Answers to these and other questions will serve as the basis for recommendations designed to lead to improved results.
Evaluating activity and results
Is the activity focused largely on routine bequests or on more complex gift arrangements? Are you evaluating results systematically? Planned giving staff should normally be evaluated on factors other than current revenue. Results need to be evaluated based on short and long-term metrics.
Marketing to your audience
Marketing needs to match your target constituency. Materials and approaches that may be wonderful for younger donors may simply not work for seniors age 70+ or more wealthy donors.
Are your materials primarily print or electronic? Are you taking a technical or an educational approach? Are you targeting donors or advisors? Certain approaches work well in some situations but will be very wrong in others.
If you have a legacy society, the assessment will examine current and deceased members. This group’s age and demographics speak to the health of your program. How many of your expectancies actually result in gifts? Is the legacy society growing or shrinking? What is the average age of legacy society members? Is it stable or is it changing?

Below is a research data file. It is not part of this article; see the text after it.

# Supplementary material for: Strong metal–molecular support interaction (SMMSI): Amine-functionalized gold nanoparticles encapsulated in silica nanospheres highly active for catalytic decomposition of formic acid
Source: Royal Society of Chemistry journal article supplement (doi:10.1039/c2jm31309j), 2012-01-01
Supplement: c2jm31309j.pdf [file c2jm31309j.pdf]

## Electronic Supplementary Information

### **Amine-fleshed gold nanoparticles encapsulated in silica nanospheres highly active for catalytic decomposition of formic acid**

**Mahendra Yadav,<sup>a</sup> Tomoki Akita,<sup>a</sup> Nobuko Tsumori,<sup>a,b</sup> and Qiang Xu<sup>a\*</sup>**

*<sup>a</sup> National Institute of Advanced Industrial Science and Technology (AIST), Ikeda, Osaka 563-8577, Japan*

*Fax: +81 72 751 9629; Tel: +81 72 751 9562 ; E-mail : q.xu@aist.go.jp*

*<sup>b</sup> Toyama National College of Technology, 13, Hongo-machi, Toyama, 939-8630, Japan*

Some believe: Once in the will, always in the will. This may once have been true, but not today. Donors regularly add and remove charities as they prepare their last will, a process that often occurs well into a donor’s 80s and even 90s. If your results are not what you would like, the assessment will help identify why.
Donor cultivation and contact
Do you stay in touch with your planned giving donors? Is there an adequate contact management system? If not, you may find you are being removed from as many wills each year as you are being included in. Your donors give to a variety of charities, and losing touch can be damaging.
For example, one organization found it had lost track of 50 percent of bequest expectancies. Donors were falling off the active file and heard nothing from the charity. Sadly, bequests were actually received from very few of their expectancies due to this neglect.